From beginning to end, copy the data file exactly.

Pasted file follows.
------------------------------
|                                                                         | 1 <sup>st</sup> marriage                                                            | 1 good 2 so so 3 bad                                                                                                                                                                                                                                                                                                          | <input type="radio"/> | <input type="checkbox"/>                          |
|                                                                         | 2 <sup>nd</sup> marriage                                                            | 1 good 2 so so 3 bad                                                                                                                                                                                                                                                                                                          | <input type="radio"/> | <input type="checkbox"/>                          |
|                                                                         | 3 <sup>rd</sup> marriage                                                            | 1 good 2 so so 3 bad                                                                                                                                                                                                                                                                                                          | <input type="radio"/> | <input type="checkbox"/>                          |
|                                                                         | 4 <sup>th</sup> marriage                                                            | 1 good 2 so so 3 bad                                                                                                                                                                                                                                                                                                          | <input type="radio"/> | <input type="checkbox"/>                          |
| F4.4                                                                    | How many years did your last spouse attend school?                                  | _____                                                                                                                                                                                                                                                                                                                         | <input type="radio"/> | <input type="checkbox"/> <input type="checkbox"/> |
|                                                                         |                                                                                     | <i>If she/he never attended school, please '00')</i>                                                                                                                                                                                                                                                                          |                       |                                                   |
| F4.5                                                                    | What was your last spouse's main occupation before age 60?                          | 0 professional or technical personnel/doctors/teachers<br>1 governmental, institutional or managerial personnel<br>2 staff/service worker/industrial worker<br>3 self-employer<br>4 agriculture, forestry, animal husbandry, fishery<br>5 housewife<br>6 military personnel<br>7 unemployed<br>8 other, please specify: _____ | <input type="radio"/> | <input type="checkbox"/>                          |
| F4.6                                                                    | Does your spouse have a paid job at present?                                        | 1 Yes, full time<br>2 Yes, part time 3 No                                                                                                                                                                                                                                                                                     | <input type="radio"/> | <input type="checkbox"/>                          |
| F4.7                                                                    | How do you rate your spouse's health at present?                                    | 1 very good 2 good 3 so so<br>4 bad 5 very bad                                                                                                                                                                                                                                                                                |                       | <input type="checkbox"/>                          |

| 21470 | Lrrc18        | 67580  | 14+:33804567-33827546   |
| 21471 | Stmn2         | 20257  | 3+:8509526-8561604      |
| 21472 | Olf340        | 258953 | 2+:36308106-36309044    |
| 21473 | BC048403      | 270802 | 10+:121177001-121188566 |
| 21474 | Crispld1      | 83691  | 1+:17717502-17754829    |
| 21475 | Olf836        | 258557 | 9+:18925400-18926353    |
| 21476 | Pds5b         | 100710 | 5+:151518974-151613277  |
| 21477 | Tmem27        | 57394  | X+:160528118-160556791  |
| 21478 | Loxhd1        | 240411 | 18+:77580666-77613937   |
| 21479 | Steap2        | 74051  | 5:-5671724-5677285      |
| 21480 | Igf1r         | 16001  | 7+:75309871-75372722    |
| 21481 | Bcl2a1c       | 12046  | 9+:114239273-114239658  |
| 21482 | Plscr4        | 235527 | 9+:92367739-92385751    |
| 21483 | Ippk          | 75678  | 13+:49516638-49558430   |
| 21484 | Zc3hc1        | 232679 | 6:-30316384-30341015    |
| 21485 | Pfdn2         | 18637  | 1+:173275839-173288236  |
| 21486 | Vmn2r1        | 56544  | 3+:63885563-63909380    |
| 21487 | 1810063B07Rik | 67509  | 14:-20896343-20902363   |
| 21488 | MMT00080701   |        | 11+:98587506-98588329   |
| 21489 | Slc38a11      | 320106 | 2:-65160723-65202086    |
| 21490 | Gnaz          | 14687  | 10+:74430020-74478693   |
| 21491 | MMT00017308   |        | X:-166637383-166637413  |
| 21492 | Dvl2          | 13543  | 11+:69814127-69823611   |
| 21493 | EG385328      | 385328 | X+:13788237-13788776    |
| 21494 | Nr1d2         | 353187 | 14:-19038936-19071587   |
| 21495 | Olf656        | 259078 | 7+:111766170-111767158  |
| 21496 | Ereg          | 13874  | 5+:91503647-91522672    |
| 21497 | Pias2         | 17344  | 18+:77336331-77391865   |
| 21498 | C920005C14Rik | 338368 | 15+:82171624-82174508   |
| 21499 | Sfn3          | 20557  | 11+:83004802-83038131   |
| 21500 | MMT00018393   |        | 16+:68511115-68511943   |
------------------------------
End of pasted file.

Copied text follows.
|                                                                         | 1 <sup>st</sup> marriage                                                            | 1 good 2 so so 3 bad                                                                                                                                                                                                                                                                                                          | <input type="radio"/> | <input type="checkbox"/>                          |
|                                                                         | 2 <sup>nd</sup> marriage                                                            | 1 good 2 so so 3 bad                                                                                                                                                                                                                                                                                                          | <input type="radio"/> | <input type="checkbox"/>                          |
|                                                                         | 3 <sup>rd</sup> marriage                                                            | 1 good 2 so so 3 bad                                                                                                                                                                                                                                                                                                          | <input type="radio"/> | <input type="checkbox"/>                          |
|                                                                         | 4 <sup>th</sup> marriage                                                            | 1 good 2 so so 3 bad                                                                                                                                                                                                                                                                                                          | <input type="radio"/> | <input type="checkbox"/>                          |
| F4.4                                                                    | How many years did your last spouse attend school?                                  | _____                                                                                                                                                                                                                                                                                                                         | <input type="radio"/> | <input type="checkbox"/> <input type="checkbox"/> |
|                                                                         |                                                                                     | <i>If she/he never attended school, please '00')</i>                                                                                                                                                                                                                                                                          |                       |                                                   |
| F4.5                                                                    | What was your last spouse's main occupation before age 60?                          | 0 professional or technical personnel/doctors/teachers<br>1 governmental, institutional or managerial personnel<br>2 staff/service worker/industrial worker<br>3 self-employer<br>4 agriculture, forestry, animal husbandry, fishery<br>5 housewife<br>6 military personnel<br>7 unemployed<br>8 other, please specify: _____ | <input type="radio"/> | <input type="checkbox"/>                          |
| F4.6                                                                    | Does your spouse have a paid job at present?                                        | 1 Yes, full time<br>2 Yes, part time 3 No                                                                                                                                                                                                                                                                                     | <input type="radio"/> | <input type="checkbox"/>                          |
| F4.7                                                                    | How do you rate your spouse's health at present?                                    | 1 very good 2 good 3 so so<br>4 bad 5 very bad                                                                                                                                                                                                                                                                                |                       | <input type="checkbox"/>                          |

| 21470 | Lrrc18        | 67580  | 14+:33804567-33827546   |
| 21471 | Stmn2         | 20257  | 3+:8509526-8561604      |
| 21472 | Olf340        | 258953 | 2+:36308106-36309044    |
| 21473 | BC048403      | 270802 | 10+:121177001-121188566 |
| 21474 | Crispld1      | 83691  | 1+:17717502-17754829    |
| 21475 | Olf836        | 258557 | 9+:18925400-18926353    |
| 21476 | Pds5b         | 100710 | 5+:151518974-151613277  |
| 21477 | Tmem27        | 57394  | X+:160528118-160556791  |
| 21478 | Loxhd1        | 240411 | 18+:77580666-77613937   |
| 21479 | Steap2        | 74051  | 5:-5671724-5677285      |
| 21480 | Igf1r         | 16001  | 7+:75309871-75372722    |
| 21481 | Bcl2a1c       | 12046  | 9+:114239273-114239658  |
| 21482 | Plscr4        | 235527 | 9+:92367739-92385751    |
| 21483 | Ippk          | 75678  | 13+:49516638-49558430   |
| 21484 | Zc3hc1        | 232679 | 6:-30316384-30341015    |
| 21485 | Pfdn2         | 18637  | 1+:173275839-173288236  |
| 21486 | Vmn2r1        | 56544  | 3+:63885563-63909380    |
| 21487 | 1810063B07Rik | 67509  | 14:-20896343-20902363   |
| 21488 | MMT00080701   |        | 11+:98587506-98588329   |
| 21489 | Slc38a11      | 320106 | 2:-65160723-65202086    |
| 21490 | Gnaz          | 14687  | 10+:74430020-74478693   |
| 21491 | MMT00017308   |        | X:-166637383-166637413  |
| 21492 | Dvl2          | 13543  | 11+:69814127-69823611   |
| 21493 | EG385328      | 385328 | X+:13788237-13788776    |
| 21494 | Nr1d2         | 353187 | 14:-19038936-19071587   |
| 21495 | Olf656        | 259078 | 7+:111766170-111767158  |
| 21496 | Ereg          | 13874  | 5+:91503647-91522672    |
| 21497 | Pias2         | 17344  | 18+:77336331-77391865   |
| 21498 | C920005C14Rik | 338368 | 15+:82171624-82174508   |
| 21499 | Sfn3          | 20557  | 11+:83004802-83038131   |
| 21500 | MMT00018393   |        | 16+:68511115-68511943   |